Little Big Man

Little Big Man (1970)

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Old Lodge Skins: Today is a good day to die.

1

Jack Crabb: I was determined to stay out of them buffalo robes. Three young and healthy women with no man for who knows how long. The very idea kinda shrunk me like a spider on a hot stove.

Old Lodge Skins: It makes my heart sad, a world without human beings has no center to it.

Old Lodge Skins: I saw you in a dream my son. You were drinking from a spring that came from the nose of an animal I didn't recognize. It had two great horns, one on each side of its nose, and the water that came from its nose was full of air.

Younger Bear: You and I are even at last. I paid you the life I owe you. And the next time we meet, I can kill you without becoming an evil person.

Jack Crabb: Sure, I'm white. Didn't you hear me say, "God bless George Washington. God bless my mother."? I mean, now what kind of Indian would say a fool thing like that?

General Custer: Nothing in this world is more surprising than the attack without mercy.

Old Lodge Skins: Invisible! I've never been invisible before.

General Custer: You came up here to kill me, didn't you? And you lost your nerve. Well, I was correct. In a sense, you are a renegade, but you are no Cheyenne Brave. Do I hang you? I think not. Get out of here.

Jack Crabb: Mr. Merriweather, you don't know when you're licked.
Mr. Merriweather: Licked? I'm not licked. I'm tarred and feathered, that's all.

Old Lodge Skins: Let's go back to the teepee and eat, my son. My new snake wife cooks dog very well.
Jack Crabb: All right, Grandfather.
Old Lodge Skins: She also has a very soft skin. The only trouble with snake women is they copulate with horses, which makes them strange to me. She say's she doesn't. That's why I call her "Doesn't Like Horses." But, of course, she's lying.

Jack Crabb: Grandfather, I have a white wife.
Old Lodge Skins: You do? That's interesting. Does she cook and does she work hard.
Jack Crabb: Yes, Grandfather.
Old Lodge Skins: That surprises me. Does she show pleasant enthusiasm when you mount her?
Jack Crabb: Well sure, Grandfather.
Old Lodge Skins: That surprises me even more. I tried one of them once, but she didn't show any enthusiasm at all.

Old Lodge Skins: Don't worry my son, you will be back with us, I dreamed it last night. I saw you with your wives.
Jack Crabb: Wives, Grandfather?
Old Lodge Skins: Yes, there were three... or four, it was hard to tell. It was very dark in your teepee and they were under buffalo rugs as you crawled among them. Anyway, it was a great copulation.

Jack Crabb: Your name ain't Lulu... You'rer Louise Pendrake.

Younger Bear: I have a wife. And four horses.
Jack Crabb: I have a horse... and four wives.

Old Lodge Skins: This boy is no longer a boy. He's a brave. He is little in body, but his heart is big. His name shall be "Little Big Man."

Jack Crabb: You're not going to hang me.
General Custer: Your miserable life is not worth the reversal of a Custer decision.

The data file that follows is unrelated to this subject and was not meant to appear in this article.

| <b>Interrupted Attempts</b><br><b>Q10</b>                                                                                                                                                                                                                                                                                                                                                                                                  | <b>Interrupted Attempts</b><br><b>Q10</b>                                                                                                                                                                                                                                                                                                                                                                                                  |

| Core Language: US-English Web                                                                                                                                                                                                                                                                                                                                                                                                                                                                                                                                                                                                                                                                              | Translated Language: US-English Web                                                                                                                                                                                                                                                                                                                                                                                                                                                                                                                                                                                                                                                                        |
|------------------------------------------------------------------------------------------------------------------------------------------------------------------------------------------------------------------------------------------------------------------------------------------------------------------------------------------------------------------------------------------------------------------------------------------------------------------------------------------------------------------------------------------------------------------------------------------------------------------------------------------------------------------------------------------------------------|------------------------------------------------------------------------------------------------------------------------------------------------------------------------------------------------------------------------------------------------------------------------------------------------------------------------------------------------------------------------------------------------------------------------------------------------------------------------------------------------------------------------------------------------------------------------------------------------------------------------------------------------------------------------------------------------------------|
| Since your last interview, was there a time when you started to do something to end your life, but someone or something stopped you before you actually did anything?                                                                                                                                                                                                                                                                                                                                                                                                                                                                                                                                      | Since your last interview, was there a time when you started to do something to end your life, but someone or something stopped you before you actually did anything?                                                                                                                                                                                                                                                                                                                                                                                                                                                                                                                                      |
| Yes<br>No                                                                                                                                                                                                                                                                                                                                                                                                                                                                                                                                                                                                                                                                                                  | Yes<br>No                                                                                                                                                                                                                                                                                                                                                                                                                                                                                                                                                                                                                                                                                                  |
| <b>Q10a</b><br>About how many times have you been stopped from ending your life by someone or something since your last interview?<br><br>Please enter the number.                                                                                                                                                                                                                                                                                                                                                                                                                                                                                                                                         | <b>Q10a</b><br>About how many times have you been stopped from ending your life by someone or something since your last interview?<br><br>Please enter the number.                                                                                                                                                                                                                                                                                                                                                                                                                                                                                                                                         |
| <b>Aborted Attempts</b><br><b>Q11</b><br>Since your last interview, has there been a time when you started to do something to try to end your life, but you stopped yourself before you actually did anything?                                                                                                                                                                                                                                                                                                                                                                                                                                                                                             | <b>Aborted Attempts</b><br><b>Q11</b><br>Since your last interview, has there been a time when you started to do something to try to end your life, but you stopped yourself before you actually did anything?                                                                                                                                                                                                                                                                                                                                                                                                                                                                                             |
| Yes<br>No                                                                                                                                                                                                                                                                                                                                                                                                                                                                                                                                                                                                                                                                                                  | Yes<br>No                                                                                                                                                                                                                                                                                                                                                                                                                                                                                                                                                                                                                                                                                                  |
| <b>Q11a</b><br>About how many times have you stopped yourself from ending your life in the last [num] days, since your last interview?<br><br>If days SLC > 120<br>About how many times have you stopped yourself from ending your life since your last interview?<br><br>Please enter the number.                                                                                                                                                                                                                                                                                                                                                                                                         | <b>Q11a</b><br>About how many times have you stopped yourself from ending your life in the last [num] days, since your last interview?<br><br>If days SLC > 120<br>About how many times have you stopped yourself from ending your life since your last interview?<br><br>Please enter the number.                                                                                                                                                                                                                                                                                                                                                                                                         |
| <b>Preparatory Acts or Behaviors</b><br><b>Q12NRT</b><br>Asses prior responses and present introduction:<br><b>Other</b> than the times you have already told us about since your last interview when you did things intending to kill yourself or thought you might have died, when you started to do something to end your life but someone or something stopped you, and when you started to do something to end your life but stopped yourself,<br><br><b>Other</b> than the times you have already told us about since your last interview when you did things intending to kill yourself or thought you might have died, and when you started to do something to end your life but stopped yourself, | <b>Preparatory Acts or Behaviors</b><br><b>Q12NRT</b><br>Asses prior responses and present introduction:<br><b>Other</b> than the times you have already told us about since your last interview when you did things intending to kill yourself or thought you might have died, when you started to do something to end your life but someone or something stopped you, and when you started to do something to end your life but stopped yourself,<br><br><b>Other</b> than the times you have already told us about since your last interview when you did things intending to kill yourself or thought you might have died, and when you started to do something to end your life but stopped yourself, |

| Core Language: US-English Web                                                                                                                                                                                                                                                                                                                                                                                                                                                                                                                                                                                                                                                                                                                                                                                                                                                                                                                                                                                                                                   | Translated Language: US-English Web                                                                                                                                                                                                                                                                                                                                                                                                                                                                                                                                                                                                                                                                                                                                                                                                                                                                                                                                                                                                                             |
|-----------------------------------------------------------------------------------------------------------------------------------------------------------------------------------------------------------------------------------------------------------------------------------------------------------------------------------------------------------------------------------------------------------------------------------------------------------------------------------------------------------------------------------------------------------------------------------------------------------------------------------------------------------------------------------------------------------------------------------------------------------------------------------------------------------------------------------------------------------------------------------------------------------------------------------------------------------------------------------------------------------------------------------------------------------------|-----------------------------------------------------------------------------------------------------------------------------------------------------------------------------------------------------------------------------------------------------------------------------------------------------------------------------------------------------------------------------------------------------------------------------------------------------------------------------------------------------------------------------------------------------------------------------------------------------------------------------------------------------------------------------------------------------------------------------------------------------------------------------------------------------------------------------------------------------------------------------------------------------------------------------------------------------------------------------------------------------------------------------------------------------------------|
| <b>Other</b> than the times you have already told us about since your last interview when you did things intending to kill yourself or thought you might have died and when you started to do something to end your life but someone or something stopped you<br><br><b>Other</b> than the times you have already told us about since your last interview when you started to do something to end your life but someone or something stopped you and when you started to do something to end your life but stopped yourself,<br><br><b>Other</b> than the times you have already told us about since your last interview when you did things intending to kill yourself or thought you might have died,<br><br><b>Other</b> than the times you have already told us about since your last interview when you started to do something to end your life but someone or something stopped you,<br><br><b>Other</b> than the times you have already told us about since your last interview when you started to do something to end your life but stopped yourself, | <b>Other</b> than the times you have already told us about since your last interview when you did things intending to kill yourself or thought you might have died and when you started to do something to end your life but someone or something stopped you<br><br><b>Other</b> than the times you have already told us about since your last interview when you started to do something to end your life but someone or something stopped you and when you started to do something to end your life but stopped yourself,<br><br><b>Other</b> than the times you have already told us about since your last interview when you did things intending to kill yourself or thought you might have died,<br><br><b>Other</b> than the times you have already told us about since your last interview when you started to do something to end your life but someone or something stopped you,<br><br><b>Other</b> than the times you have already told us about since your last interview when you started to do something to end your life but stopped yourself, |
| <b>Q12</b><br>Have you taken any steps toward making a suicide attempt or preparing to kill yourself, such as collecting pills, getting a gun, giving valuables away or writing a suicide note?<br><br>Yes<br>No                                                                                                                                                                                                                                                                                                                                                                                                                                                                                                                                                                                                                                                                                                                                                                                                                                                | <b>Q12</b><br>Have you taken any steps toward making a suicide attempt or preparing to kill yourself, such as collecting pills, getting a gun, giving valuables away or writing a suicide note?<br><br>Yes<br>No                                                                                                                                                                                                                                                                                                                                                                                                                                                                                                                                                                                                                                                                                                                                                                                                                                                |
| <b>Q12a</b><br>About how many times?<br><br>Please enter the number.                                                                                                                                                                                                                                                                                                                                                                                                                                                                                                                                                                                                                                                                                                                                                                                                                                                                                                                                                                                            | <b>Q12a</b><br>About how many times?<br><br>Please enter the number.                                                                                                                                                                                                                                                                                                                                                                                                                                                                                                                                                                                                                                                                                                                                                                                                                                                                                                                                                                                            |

Factual error: The worst historical distortions in this film must concern legendary "Wild Bill" Hickock. First of all he wasn't killed by a teenage boy, but one John McCall, a man in his 30's. McCall sneaked behind Hickock who was in the middle of a poker game and shot him through the head killing him instantly. Secondly this took place on August 2 1876, about five weeks AFTER the Custer's Last Stand. (01:46:30)

S.Holmes
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Question: In all honesty I have little (if any) anthropological knowledge of what life was like for Native Americans in the USA in the nineteenth century. But it seemed to me that, for much of the time, the Native Americans in the movie did not resemble the members of a 'hunter gatherer' society whose way of life was under threat from the onset of the modern industrial world. Instead the Native Americans seemed to live, act and behave much more like the members of a 1960's hippie commune. How accurate is that?

Rob Halliday

Answer: Some members of tribes like the Cheyenne joined in the 'modern' world to some extent, using guns and even putting on Western clothes and eating Western food. While nowhere near the technological nous of the white settlers, the natives were far from being hunter gatherers at this point.

Answer: Well observed sir! What you say is correct. I admit I probably was wrong in calling Native North Americans 'hunter gatherers' as I think some tribes had agriculture and permanent settlements well before Columbus ever reached the American Continent. I also think that the Cherokee consciously tried to adapt to modern life by building houses and becoming farmers. My point was more that it seemed to me that the portrayal of many Native Americans in Little Big Man did not seem historically accurate, but showed them as being more like 1960's hippies. But I am fully aware that this may have been intentional, since the film was giving a 1960's 'spin' on the legends of the 'Wild West'. But please, do not take my posts on this website too seriously. I am fully aware that this was a film made to entertain people, it was not meant to be a historical documentary. And it was the fictional recollections of a 121 year old man. And the film poster said 'Little Big Man was either the most neglected hero in history OR A liar of insane proportion', so you are invited to have your doubts about anything that happens in the film.

Rob Halliday
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